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Selling Owner-Managed Businesses – Tips and Traps

21/06/2011


From a purely financial perspective, the maximum selling price is the obvious goal. However, of greater importance is the amount that the seller will actually pocket after the tax man takes his share.

Ideally the sale will be structured as an all cash offer, however more often than not there is other consideration provided by way of vendor financing and/or an equity stake in the purchaser. These are often desired by the purchaser to provide bridge financing, reduce risk and to align the goals of the vendor with that of their own.

A fixed price is most desired by the vendor but may give way to one partly dependent on the future earnings of the business (i.e. an earn-out clause) as that is really what the purchaser is buying.

One of the earliest and most significant decisions regarding the sale of the business will be whether it is structured as an asset or share sale (or a hybrid of the two). Both have their pros and cons from a business, legal and tax perspective with vendors normally favouring share sales and purchasers favouring asset sales.

Knowing the Tips from the Traps

Regardless of the breakdown of the consideration provided or whether the transaction is structured as a share or an asset sale, the Income Tax Act (the “Act”) contains numerous tips and traps to enhance the after tax proceeds and restrict them. That being said, the earlier a business owner plans for a future sale, the more tips that can be accessed and the fewer traps that may be applicable.

In terms of tax tips, the $750,000 lifetime capital gains exemption (“LCGE”) is number one when it comes to the sale of owner-managed businesses. The LCGE is one of the main tax reasons vendors prefer share sales over asset sales since it has the potential to reduce income taxes by as much as $170,000 for every individual shareholder. Even if the transaction is structured as an asset sale, the LCGE may still be taken advantage of prior to the sale. The goal in this case being to crystallize the tax free growth in the company shares to date in order to lessen future income taxes triggered on the deemed disposition of the shares at death. As you will read below, only shares in qualified small business corporations (“QSBC”) are eligible for the LCGE, so timing is crucial when taking advantage of this significant tax break.

Access to the LCGE depends on whether the corporation is a QSBC at the time of the disposition. The qualification is dependent on both a test of the assets of the company and the length of share ownership. Simply put, you or someone related to you must have owned the shares for at least 24 months (subject to a few exceptions). In the 24 months preceding the sale more than 50% of the company’s assets must have been used in an active business operating in Canada, with this threshold increasing to 90% at the moment of sale. Just prior to an asset sale the corporation may be considered a QSBC. When the transaction closes and the business assets are replaced with cash, the company is no longer a QSBC and access to the LCGE may be lost forever. This is why timing is everything and proper tax planning is crucial with any business sale, regardless of its form.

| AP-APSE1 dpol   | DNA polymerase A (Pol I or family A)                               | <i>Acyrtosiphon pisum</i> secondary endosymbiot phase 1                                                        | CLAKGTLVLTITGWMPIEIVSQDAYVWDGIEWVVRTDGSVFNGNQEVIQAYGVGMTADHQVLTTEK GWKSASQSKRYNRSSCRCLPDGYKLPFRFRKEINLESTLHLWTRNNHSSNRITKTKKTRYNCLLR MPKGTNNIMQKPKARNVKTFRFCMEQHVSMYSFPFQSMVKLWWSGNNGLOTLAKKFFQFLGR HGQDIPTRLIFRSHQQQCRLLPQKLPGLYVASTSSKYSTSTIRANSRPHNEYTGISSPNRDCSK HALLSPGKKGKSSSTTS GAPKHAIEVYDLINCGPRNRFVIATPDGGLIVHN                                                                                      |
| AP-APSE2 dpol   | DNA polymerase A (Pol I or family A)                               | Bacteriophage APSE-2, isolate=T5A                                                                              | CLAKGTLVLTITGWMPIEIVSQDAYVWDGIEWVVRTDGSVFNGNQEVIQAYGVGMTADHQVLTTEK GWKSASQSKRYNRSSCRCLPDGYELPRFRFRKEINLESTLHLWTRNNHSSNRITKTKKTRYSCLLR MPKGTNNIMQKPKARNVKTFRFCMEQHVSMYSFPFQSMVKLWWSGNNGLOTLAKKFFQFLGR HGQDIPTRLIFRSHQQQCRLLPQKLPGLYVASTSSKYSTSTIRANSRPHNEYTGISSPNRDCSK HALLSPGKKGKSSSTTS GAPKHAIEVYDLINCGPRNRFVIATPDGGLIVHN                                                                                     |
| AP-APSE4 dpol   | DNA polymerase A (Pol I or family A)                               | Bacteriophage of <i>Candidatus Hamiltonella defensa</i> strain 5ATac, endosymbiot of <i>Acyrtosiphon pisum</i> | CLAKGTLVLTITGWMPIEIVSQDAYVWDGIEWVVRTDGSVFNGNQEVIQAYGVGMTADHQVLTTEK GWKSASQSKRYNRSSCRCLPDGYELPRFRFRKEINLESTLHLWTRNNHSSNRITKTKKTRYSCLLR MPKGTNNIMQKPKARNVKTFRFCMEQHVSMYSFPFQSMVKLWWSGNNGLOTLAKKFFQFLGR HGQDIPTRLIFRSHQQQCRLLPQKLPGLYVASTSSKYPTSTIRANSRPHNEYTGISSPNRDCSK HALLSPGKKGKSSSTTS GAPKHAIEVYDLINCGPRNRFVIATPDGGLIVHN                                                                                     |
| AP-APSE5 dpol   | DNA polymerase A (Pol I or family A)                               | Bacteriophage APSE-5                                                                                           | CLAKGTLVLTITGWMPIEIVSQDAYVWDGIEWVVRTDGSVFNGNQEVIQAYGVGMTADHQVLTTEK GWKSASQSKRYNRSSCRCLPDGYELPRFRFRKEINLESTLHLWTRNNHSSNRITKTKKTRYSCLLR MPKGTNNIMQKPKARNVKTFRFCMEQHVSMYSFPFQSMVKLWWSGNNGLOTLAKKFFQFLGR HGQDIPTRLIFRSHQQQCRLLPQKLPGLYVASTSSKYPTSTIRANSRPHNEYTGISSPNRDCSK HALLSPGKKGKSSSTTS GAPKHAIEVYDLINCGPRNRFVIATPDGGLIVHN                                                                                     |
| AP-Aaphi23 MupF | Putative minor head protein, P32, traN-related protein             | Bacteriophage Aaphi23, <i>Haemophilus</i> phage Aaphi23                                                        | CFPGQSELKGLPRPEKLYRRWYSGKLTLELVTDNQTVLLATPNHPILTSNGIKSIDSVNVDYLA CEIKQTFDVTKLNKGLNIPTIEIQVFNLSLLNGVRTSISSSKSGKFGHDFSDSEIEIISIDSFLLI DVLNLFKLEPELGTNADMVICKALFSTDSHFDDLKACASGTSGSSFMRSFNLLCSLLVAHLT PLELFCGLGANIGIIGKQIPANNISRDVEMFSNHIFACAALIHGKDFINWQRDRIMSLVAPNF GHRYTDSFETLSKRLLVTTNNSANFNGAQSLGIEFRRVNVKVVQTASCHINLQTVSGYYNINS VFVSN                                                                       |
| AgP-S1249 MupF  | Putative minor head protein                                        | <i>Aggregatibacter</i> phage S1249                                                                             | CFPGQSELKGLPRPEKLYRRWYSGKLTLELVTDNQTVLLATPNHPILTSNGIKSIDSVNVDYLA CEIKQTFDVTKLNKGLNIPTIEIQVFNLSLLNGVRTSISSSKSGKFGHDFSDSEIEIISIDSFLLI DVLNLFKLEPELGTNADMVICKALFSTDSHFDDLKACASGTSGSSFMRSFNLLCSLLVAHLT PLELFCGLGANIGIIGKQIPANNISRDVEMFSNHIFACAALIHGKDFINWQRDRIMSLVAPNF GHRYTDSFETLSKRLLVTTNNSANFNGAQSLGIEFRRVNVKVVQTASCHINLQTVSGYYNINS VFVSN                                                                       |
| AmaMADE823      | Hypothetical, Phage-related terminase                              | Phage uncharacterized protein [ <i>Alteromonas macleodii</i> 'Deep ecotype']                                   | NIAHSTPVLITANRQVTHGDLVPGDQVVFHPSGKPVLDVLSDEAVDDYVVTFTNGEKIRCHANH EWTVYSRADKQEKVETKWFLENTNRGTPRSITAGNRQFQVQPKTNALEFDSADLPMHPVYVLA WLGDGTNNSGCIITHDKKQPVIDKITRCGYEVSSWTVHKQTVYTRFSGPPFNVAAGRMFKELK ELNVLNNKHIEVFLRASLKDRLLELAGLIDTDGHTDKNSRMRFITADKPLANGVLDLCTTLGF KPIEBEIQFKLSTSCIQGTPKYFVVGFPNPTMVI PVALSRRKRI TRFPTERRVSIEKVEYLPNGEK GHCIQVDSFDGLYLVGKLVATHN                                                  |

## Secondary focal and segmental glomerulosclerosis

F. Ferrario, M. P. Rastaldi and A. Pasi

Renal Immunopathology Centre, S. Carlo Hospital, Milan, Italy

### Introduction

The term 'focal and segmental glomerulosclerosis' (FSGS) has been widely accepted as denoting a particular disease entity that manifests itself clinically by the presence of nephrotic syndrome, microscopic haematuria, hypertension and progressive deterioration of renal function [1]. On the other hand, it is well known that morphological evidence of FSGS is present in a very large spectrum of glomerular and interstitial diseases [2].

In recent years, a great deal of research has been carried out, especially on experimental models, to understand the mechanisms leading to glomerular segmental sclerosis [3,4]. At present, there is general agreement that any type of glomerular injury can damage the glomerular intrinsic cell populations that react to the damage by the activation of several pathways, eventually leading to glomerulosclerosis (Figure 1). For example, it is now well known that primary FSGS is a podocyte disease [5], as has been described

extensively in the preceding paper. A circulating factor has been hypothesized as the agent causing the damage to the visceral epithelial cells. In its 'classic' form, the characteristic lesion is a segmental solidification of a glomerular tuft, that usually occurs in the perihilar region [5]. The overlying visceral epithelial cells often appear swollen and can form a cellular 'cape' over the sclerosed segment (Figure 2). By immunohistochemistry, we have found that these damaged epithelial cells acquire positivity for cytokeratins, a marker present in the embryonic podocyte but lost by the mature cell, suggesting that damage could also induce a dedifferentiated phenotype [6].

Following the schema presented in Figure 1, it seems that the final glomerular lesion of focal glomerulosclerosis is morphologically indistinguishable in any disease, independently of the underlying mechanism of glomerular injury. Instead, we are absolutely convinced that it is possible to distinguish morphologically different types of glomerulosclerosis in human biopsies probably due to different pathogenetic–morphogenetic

With share sales, pre-sale planning or restructuring is often required just prior to the sale to ensure that the 90% threshold is met by moving excess cash and/or passive assets to the individual shareholders or their holding companies. Depending on the specific situation, the planning may result in triggering some additional income tax early or hopefully, achieve additional income tax deferral.

Aside from the significant tax savings associated with utilizing the LCGE, the Act also offers a number of significant tax deferral opportunities.

When vendor financing is provided, part of the taxable gain may be spread out over multiple taxation years by accessing the capital gains reserve. For shares taken back in the purchasing company as partial consideration, the associated gain may be deferred until those shares are actually disposed of and cash is in hand. For proceeds to be received subject to an earn-out clause, the associated gain may be deferred until the actual proceeds become determinable.

Some tax tips are even more straightforward. With the last set of federal corporate income tax rate cuts being introduced in 2012, a simple push back of the closing date on an asset sale from the latter part of this year to the early part of next year may enhance the after tax proceeds. Staggering an asset sale over a taxation year-end may also enhance the after tax proceeds where the proceeds will be taxed in multiple years at the lower corporate tax rate on taxable income up to $500,000 in most provinces.

The Bottom Line

The bottom line is that the sale of a business is a significant and complicated transaction, where timely advice and planning is crucial to ensure business owners maximize the amount that actually hits their pockets. At MNP, we have professional advisors that specialize in everything related to the sale of owner-managed businesses from our Valuations and Appraisal Services team, to our Corporate Finance group that brings buyers and sellers together, Tax Specialists who provide the pre-sale tax planning all the way down to the Assurance Professionals who bring it all together. Contact your local MNP Tax advisor and we will put the right team together to ensure you extract the maximum value from the sale of your business.

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